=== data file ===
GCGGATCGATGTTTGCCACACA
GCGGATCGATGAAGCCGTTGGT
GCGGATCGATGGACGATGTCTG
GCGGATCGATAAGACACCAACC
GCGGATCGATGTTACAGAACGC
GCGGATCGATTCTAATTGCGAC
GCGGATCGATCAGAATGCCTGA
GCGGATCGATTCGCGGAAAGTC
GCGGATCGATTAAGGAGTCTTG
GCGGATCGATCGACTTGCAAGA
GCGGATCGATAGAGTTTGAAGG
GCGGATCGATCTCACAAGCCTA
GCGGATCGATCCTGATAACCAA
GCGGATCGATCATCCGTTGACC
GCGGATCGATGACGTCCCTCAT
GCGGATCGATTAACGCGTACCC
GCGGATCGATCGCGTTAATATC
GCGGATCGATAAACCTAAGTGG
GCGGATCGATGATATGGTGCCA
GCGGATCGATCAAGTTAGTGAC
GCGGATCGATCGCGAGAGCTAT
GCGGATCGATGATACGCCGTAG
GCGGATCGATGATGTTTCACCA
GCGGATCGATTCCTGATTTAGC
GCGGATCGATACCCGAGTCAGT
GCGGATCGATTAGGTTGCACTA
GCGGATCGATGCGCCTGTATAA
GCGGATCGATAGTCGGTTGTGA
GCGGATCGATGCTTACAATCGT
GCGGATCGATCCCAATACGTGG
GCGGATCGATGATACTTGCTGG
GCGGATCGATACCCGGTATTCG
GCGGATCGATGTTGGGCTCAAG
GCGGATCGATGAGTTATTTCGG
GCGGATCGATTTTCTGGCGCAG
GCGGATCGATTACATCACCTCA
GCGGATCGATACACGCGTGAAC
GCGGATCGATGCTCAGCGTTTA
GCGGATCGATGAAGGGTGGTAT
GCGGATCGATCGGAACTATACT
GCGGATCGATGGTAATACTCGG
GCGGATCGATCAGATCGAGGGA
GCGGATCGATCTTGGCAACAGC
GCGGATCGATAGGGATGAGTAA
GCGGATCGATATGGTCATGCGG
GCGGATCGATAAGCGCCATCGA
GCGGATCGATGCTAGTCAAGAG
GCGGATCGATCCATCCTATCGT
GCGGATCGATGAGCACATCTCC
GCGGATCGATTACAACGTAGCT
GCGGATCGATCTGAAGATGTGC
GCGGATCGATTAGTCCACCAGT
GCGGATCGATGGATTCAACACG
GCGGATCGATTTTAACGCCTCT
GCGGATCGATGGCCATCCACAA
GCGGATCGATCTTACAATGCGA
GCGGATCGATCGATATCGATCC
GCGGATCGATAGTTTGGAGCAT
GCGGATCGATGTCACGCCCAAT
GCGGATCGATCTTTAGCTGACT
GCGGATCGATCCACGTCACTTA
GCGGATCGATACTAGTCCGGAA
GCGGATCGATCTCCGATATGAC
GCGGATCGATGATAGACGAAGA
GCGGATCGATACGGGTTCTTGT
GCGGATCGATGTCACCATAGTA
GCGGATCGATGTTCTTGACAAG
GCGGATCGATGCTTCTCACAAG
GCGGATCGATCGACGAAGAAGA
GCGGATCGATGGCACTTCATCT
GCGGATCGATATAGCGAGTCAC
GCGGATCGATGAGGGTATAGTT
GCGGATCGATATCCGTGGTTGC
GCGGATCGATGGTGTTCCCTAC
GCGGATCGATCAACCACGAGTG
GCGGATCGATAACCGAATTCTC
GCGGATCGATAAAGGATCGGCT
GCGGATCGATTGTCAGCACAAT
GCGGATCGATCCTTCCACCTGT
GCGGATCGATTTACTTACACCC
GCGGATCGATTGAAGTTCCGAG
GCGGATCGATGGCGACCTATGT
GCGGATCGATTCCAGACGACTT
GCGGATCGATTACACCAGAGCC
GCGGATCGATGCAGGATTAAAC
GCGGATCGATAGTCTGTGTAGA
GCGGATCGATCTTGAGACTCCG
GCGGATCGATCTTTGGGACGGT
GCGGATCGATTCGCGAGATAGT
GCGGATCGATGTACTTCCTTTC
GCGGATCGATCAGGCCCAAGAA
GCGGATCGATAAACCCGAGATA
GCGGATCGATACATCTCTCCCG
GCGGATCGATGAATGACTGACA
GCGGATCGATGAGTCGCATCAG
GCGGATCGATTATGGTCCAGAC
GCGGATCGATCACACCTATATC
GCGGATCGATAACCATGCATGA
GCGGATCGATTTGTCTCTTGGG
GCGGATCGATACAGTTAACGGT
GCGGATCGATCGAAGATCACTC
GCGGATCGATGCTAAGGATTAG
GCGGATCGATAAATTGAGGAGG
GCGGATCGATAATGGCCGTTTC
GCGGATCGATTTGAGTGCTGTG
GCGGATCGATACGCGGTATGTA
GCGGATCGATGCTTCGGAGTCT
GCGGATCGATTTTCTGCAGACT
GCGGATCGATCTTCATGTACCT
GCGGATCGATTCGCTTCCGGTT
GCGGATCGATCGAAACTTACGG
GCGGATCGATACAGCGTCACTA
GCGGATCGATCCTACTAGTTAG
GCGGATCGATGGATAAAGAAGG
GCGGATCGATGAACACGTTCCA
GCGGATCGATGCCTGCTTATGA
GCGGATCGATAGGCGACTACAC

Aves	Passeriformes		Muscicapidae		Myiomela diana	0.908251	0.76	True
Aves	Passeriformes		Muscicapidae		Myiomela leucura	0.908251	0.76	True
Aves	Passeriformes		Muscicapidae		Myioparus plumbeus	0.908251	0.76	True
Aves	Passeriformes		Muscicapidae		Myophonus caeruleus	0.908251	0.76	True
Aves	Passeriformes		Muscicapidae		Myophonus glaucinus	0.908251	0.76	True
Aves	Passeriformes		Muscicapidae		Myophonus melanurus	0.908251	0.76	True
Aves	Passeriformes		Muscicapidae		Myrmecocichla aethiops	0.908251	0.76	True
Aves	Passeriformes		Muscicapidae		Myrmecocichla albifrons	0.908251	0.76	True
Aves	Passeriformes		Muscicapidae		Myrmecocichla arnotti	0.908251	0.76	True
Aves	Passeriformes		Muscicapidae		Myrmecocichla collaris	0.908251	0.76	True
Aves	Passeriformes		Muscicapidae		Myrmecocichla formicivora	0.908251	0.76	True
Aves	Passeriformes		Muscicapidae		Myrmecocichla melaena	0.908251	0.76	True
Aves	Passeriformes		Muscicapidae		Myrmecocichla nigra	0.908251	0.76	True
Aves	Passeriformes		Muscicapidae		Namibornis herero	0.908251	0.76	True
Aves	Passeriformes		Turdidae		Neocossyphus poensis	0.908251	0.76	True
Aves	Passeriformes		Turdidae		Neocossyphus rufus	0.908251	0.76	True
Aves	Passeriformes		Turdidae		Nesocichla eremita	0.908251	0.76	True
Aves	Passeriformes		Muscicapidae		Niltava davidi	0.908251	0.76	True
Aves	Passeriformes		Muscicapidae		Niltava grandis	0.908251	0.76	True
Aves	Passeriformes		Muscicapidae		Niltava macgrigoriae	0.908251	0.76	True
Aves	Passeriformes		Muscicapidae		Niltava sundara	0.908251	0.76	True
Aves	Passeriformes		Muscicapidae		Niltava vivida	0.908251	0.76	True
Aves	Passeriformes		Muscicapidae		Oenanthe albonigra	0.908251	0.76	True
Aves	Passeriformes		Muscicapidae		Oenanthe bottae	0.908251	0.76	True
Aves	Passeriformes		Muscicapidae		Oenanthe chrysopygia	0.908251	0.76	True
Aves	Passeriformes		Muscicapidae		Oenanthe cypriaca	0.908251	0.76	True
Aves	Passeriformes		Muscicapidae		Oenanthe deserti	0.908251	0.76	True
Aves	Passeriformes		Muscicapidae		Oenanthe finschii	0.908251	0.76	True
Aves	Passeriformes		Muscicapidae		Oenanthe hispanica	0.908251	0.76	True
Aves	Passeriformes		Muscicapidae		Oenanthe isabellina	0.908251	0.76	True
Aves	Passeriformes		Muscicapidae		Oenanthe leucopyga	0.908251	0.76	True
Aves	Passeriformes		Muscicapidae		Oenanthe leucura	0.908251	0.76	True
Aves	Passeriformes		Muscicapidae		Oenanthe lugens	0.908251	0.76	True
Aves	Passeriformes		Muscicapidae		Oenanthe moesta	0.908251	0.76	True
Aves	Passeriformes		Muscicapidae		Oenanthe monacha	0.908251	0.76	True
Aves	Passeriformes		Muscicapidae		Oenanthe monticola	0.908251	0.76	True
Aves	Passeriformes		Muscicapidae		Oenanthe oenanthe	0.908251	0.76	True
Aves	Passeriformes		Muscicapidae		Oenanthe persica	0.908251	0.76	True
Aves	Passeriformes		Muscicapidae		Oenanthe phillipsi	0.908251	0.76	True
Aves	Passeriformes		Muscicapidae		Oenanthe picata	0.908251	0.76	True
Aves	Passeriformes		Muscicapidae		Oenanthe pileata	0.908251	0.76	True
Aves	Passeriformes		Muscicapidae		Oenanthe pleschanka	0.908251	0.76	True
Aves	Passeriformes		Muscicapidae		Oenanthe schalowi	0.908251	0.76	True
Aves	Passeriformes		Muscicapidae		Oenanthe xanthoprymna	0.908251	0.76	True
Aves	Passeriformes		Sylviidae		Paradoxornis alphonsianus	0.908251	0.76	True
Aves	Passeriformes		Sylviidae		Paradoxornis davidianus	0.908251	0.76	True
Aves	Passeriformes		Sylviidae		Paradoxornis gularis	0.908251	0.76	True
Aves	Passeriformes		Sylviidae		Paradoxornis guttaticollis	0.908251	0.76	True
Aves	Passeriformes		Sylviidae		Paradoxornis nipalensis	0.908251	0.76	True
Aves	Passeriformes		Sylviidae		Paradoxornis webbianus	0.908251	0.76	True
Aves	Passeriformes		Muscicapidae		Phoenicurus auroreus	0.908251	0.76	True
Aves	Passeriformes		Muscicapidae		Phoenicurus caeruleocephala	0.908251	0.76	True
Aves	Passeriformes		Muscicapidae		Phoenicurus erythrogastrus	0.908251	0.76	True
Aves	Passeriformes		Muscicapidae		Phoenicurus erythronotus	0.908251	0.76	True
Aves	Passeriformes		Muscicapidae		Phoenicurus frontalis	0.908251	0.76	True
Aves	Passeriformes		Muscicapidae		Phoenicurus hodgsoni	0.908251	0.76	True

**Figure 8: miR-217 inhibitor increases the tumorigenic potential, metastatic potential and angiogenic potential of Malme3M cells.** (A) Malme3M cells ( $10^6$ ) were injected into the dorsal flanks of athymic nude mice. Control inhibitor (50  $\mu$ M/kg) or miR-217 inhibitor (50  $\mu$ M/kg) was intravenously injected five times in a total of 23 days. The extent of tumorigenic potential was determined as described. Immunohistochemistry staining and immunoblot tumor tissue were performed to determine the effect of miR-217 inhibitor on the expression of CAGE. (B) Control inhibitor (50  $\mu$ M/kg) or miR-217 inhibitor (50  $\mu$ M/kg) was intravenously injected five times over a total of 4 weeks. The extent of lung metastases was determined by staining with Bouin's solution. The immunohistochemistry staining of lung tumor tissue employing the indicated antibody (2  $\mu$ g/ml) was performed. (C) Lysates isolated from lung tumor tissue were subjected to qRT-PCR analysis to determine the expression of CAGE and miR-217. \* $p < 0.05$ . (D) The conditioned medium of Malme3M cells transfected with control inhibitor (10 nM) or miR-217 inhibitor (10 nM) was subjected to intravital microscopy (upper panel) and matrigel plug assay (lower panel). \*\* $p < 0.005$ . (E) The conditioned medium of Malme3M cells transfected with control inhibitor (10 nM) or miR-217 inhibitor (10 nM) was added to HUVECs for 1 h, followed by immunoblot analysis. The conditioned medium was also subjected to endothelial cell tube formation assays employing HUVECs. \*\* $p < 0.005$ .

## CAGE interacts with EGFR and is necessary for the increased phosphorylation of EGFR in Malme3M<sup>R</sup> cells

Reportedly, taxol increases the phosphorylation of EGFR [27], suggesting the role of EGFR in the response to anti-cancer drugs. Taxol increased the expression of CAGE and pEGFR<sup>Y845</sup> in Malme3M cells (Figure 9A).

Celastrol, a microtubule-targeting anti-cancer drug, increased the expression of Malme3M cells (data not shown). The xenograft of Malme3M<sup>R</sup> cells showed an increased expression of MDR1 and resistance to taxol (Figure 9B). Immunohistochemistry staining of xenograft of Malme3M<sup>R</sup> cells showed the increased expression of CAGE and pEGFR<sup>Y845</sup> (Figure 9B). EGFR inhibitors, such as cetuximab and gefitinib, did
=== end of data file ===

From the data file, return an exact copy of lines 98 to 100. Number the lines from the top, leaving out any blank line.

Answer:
GCGGATCGATAACCATGCATGA
GCGGATCGATTTGTCTCTTGGG
GCGGATCGATACAGTTAACGGT